The 47 DIRL genes which were not associated to a cluster of genes encoding for known secondary metabolism biosynthetic pathways revealed via AntiSmash are however still interesting from a genomic point of view. Information on the genomic organization around DIRL genes was collected via Uniprot and “Ensemble bacteria” servers. Genes close to the DIRL locus as well as their orientation and their genomic organization were therefore studied for each of the bacteria in the study (e.g., S. formicae, Fig. 5 and Additional file 2: Fig S2 for some interested others). Several genomes share similarities in their genomic structure around DIRL genes: in few bacteria, the closest or the two closest genes are in reverse orientation; in other bacteria, the closest or the two closest genes have the same orientation (Additional file 2: Fig S2). DIRLs genes are, in most cases, adjacent to genes encoding enzymes or proteins not yet characterized. On the other hand, for some bacteria, the DIRL gene is located next to a gene encoding a hydrolase or an oxidoreductase. Moreover, some DIRLs genes are close to a gene encoding a secreted protein of unknown function as in Stigmatella aurantiaca and Stigmatella erecta, known to secrete antibiotics. Note that for 24 genomes this analysis was not possible since the chromosomic regions were not available (e.g., end of the contig or the genome is not complete yet).
To go further, the location of DIRL genes in genomes was also used to identify potential operonic structures. There are several cumulative methods of identifying operonic structure in bacteria (see Material and Method). Each genomic region containing a DIRL locus was therefore analyzed with a magnifying glass. The SoftBerry software was used to identify forward sequences binding the sigma 70 promoter, characteristic of bacteria. If regions where the DIRL loci are located contain a low number of sigma 70 promoters and if such a promoter localizes upstream of an "operonic structure", then this is in favor of an operon. This survey revealed DIRL genes probably embedded in an operonic structure in 10 bacterial genomes (species underlined in Table 1, Additional file 2: Fig. S2).
In this study we focalized on the identification of DIRLs candidates in bacteria from the many sequenced bacterial genomes available. The structural and functional genomic analyzes centered on the DIR domain Pfam PF03018 presented in this work allowed us to confirm the work of Dabravolski  and to identify 7 new bacteria containing a gene encoding a DIRL.
Bacteria possessing a gene encoding a DIRL are mainly saprophyte and mesophilic, rarely pathogen. Most of them are soil bacteria. Few are extremophile as Sphaerobacter thermophilus strain DSM 20745, Streptomyces alboflavus str. MDJK44 or Thiogranum longum str. DSM 19610 which was isolated from a deep-water hydrothermal spring with high salt concentration . Some were isolated from lake or sea waters as C. bacterium which is a bacterium from a Siberian soda lake described to be anaerobic and photosynthetic . Six were isolated from forest or from habitats or to be linked with plants, e.g., Enterobacter ludwigii str. P101 that is an endophyte from plant pea or Streptomyces sp. Root1304 that is present in the microbiote of A. thaliana roots. Out of the 49 bacteria studied, 31% are probably able to synthesize antibiotics but no link was obtained between DIRLs and biosynthetic antibiotics pathways in this study.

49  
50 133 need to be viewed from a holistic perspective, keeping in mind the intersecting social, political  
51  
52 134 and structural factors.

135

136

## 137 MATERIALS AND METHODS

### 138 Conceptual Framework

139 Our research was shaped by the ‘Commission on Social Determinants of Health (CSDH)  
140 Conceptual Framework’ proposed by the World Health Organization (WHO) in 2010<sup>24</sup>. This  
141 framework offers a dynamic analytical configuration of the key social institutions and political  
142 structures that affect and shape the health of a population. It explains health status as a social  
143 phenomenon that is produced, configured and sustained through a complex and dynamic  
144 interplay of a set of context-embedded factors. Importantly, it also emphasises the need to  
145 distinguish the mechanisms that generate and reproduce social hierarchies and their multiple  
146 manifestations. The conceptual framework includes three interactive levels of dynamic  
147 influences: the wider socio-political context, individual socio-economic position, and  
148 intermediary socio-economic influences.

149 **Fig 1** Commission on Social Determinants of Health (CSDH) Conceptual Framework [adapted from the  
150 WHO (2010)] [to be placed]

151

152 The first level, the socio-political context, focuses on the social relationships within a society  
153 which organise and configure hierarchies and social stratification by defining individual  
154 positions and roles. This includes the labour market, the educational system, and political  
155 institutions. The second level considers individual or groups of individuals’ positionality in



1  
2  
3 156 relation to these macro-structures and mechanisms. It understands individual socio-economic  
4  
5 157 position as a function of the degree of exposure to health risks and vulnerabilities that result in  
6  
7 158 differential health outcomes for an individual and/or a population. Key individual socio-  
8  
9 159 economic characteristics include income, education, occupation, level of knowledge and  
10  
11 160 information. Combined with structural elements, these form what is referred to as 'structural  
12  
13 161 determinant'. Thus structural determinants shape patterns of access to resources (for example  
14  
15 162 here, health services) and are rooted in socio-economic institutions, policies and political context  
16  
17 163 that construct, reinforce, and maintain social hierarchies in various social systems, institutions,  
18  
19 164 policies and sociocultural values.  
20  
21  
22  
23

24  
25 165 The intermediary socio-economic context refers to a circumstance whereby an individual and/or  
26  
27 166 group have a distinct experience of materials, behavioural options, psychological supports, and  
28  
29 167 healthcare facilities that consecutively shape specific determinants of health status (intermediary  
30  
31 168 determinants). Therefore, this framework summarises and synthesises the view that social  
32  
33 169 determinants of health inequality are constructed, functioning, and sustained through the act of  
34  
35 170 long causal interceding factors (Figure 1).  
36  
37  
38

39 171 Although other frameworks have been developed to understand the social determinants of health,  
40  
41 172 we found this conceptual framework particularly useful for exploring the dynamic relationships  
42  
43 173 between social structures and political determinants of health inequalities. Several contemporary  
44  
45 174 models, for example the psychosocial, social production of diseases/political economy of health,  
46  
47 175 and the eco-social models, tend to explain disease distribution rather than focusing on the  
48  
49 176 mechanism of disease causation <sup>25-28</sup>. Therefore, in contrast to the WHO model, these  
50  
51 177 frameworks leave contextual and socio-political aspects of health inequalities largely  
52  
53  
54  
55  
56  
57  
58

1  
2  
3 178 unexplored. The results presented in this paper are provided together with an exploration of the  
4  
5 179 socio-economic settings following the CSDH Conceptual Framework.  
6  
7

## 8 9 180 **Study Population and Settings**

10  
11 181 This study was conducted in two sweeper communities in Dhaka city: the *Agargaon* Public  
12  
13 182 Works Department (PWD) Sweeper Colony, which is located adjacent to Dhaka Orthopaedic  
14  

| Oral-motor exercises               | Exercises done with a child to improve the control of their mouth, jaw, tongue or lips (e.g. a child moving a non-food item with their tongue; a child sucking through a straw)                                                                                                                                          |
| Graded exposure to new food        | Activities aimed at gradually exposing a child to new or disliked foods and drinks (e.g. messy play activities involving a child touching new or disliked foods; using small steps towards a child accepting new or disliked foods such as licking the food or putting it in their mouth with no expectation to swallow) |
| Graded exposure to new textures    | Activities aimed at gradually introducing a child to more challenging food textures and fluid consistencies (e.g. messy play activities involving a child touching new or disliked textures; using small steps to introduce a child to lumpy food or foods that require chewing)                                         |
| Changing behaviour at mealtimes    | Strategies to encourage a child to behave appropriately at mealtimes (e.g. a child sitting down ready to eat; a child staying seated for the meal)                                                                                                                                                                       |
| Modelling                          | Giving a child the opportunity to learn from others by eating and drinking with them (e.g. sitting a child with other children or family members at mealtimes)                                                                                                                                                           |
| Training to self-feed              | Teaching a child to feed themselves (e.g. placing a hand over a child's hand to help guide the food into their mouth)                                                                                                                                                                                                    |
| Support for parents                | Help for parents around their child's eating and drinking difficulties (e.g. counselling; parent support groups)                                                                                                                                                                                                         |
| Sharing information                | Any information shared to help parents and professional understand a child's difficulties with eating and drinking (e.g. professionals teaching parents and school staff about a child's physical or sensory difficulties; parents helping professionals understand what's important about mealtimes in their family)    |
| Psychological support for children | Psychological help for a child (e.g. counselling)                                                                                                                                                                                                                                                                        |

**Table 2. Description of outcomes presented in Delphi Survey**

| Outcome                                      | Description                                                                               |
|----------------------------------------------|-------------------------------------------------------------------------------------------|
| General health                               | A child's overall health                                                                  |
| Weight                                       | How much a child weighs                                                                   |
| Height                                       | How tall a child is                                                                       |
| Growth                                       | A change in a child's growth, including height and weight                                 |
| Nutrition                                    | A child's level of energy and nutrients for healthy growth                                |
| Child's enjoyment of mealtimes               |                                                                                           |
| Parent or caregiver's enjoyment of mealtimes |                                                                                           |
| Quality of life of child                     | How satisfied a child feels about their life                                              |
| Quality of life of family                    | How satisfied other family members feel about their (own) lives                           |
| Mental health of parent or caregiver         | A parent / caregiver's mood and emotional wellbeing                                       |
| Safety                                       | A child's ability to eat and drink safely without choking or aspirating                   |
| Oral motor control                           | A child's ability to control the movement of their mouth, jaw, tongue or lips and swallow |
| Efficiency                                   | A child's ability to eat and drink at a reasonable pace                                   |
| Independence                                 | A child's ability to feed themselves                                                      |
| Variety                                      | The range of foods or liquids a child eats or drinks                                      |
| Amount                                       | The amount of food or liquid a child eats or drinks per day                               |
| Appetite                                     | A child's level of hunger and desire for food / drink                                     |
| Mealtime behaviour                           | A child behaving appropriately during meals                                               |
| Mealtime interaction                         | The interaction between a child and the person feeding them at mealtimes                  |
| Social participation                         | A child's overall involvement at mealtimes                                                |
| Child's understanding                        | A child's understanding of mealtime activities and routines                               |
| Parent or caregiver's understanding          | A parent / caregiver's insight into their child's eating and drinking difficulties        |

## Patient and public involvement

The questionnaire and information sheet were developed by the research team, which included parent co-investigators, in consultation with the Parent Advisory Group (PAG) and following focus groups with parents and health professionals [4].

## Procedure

Our analysis of DIRLs sequences led to predictions that are therefore subject to discussion. However, most of the sources overlapped and led us to similar predictions. Analysis of primary structures, predictions of secondary and tertiary structures, characterization of DIRL signal sequences and the study of gene regulation and locus localization and organization has enriched our knowledge on DIRLs. Presently, among the 49 DIRLs identified some criteria can be retained for the selection of a DIRL candidate to be studied.
Most of DIRLs should be either membrane anchored or secreted since most of the DIRLs coding gene contain a predicted N-terminal sequence addressing the sequence to the Sec or Tat membrane pathways. In the alignment presented Additional file 1: Fig. S1, residues conserved in DIRs and in DIRLs or in both protein groups are highlighted. Some of these AAs are also found in the HMM profile presented above Fig. 1. The majority of AA conserved in all species are located between the β2 and β7 strands. The most remarkably conserved AAs between the DIRs of plants and DIRLs bacteria are glycine residues. Glycine are small residues which provide flexibility to the protein structures. A region spanning 13 residues (A/P-GGTG-Y/F—S/RG) is remarkably well conserved between the end of the β6 and the beginning of the loop VII. This sequence might be important for the oligomerization of the peptide chain (see below). Interestingly, the tyrosine residue present in the β3 strand of plant sequences and thought to play an important role in the specificity of the reaction [14, 26], is not present in DIRLs (most of the time replaced by a cysteine).The alignment of DIRL sequences with plant DIR sequences of Additional file 1: Fig. S1 reveals a high conservation of glycine residues in predicted strands β2 to β7. Moreover, a glycine rich stretch of 13 residues (A/P-GGTG-Y/F—S/RG) is well conserved between the end of the β6 sheet and beginning of β7. Glycine are small residues providing flexibility to protein structures. Therefore, one can imagine DIRs as potentially adopting different conformations to adapt to substrate binding or product release.